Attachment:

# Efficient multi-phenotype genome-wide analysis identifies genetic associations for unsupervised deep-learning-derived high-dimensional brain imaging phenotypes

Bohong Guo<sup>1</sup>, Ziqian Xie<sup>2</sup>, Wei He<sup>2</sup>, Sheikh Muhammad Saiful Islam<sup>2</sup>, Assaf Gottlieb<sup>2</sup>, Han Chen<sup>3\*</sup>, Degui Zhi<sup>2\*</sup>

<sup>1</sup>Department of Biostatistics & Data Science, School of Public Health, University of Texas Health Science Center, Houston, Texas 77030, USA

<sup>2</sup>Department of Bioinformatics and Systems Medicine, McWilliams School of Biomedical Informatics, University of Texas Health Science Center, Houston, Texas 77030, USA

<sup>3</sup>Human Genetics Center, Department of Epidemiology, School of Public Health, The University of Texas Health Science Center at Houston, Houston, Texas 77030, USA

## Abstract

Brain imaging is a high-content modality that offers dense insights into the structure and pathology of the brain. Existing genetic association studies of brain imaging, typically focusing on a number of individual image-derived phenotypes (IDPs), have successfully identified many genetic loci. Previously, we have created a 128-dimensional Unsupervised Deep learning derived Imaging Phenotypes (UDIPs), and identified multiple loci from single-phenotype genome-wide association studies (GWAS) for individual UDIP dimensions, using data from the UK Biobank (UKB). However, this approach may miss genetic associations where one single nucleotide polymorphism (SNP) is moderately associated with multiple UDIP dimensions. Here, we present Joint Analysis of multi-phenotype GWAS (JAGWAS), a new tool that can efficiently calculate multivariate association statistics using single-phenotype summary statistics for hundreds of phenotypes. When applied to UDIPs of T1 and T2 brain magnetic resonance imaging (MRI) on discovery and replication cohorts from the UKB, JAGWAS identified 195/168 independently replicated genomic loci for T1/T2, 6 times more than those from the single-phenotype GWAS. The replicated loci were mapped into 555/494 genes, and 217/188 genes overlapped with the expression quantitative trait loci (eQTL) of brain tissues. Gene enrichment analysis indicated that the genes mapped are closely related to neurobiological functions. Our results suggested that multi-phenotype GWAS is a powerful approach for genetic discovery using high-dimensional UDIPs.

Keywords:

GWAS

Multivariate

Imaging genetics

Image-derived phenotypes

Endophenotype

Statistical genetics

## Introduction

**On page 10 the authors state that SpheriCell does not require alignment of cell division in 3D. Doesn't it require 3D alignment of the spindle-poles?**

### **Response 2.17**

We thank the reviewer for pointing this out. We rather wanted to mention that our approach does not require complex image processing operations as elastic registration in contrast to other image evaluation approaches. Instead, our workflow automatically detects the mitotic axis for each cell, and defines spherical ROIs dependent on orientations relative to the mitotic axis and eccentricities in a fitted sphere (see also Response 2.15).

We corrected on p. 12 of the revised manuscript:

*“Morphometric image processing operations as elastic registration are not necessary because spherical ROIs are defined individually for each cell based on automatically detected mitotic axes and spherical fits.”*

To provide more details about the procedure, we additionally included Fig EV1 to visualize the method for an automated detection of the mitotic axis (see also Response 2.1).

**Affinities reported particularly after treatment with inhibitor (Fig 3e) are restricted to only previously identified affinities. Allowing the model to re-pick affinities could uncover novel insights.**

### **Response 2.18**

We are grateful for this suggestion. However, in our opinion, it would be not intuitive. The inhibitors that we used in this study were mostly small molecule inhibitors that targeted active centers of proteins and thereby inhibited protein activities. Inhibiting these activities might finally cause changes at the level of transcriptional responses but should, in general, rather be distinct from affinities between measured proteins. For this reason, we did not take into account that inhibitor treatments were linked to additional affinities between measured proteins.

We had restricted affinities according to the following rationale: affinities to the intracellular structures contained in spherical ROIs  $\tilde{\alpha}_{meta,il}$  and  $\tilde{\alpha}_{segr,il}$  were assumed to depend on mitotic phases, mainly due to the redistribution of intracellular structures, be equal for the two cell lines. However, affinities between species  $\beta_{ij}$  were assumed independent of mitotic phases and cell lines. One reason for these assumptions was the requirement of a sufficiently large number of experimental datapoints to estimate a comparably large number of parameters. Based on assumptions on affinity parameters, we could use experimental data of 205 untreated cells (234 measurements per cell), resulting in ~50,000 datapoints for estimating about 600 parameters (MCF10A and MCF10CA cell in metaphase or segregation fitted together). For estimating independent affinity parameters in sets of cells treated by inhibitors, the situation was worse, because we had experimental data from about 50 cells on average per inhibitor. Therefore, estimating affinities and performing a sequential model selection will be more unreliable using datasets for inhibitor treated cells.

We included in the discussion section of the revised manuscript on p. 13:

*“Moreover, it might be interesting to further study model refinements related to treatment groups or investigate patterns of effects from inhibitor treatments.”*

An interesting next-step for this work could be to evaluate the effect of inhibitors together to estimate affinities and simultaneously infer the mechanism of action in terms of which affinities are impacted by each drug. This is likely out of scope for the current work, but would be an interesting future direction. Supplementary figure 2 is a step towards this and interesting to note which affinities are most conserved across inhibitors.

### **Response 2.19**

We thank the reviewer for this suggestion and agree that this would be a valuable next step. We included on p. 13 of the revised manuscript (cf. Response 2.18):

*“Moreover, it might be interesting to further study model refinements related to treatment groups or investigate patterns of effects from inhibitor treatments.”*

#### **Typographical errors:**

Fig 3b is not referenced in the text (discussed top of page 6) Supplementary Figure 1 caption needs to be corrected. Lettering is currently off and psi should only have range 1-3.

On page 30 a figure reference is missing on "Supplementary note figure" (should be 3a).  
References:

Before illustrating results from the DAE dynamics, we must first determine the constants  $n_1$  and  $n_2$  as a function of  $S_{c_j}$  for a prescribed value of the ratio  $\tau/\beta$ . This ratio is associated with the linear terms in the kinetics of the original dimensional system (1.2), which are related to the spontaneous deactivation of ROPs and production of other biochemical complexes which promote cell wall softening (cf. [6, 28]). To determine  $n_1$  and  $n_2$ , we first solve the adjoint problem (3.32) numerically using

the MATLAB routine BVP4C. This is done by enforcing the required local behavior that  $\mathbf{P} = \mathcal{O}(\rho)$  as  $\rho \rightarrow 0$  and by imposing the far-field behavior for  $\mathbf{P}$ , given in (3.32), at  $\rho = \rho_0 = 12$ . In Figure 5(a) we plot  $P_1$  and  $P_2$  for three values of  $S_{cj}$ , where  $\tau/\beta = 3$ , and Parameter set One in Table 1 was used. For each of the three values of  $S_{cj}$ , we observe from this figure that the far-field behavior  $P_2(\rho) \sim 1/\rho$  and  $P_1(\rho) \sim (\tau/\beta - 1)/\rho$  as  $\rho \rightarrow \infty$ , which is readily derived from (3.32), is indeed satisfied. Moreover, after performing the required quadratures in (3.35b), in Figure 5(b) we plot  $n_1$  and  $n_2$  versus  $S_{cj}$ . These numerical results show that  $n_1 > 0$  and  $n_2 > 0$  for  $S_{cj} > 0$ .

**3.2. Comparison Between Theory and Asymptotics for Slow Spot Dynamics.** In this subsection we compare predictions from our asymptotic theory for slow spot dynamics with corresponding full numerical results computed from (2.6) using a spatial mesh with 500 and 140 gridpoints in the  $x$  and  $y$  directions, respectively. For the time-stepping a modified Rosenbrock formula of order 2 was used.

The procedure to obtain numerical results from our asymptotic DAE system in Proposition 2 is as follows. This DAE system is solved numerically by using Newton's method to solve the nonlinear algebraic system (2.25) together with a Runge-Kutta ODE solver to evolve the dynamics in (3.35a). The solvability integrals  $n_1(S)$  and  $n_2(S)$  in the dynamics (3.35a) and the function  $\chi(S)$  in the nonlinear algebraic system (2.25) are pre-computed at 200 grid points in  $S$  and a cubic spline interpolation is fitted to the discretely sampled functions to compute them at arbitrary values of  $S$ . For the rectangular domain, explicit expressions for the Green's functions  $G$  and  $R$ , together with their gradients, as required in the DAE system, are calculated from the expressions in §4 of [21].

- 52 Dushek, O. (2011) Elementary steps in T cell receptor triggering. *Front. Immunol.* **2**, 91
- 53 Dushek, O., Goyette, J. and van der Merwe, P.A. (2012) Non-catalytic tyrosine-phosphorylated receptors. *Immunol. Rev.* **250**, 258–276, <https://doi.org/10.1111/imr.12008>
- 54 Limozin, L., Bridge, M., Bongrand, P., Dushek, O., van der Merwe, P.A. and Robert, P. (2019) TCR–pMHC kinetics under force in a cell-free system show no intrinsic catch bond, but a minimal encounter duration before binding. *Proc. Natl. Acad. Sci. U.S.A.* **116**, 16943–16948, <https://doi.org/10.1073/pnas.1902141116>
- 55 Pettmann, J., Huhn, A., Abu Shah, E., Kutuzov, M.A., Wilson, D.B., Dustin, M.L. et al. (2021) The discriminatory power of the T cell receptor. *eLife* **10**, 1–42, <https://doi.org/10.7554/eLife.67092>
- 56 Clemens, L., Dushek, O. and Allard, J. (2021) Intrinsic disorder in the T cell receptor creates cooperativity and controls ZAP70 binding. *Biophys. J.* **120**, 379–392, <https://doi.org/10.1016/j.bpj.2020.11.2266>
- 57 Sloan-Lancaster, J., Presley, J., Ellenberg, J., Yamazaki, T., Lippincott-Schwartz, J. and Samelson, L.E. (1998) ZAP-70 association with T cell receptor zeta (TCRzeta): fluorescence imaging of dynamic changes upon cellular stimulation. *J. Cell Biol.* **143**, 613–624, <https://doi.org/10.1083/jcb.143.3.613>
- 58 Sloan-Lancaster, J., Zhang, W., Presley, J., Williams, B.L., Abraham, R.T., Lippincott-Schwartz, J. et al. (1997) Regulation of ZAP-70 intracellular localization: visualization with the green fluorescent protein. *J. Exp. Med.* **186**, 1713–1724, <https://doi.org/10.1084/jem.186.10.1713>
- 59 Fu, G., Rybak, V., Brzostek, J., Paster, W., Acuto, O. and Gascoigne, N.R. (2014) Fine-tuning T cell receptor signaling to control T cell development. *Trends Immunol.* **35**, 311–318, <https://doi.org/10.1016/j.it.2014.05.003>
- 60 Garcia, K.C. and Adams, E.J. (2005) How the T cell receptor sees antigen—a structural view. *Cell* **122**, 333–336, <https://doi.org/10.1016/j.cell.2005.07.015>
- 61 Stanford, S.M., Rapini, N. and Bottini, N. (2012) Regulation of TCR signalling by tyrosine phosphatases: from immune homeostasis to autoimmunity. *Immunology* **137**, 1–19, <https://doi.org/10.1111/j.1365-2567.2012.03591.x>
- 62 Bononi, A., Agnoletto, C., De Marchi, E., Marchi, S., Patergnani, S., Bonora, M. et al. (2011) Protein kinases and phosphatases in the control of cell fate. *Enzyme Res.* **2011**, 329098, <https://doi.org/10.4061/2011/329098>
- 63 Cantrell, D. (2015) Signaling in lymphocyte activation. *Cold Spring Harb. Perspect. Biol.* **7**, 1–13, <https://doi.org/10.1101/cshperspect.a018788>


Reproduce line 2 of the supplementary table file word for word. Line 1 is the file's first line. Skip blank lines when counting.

Bohong Guo<sup>1</sup>, Ziqian Xie<sup>2</sup>, Wei He<sup>2</sup>, Sheikh Muhammad Saiful Islam<sup>2</sup>, Assaf Gottlieb<sup>2</sup>, Han Chen<sup>3\*</sup>, Degui Zhi<sup>2\*</sup>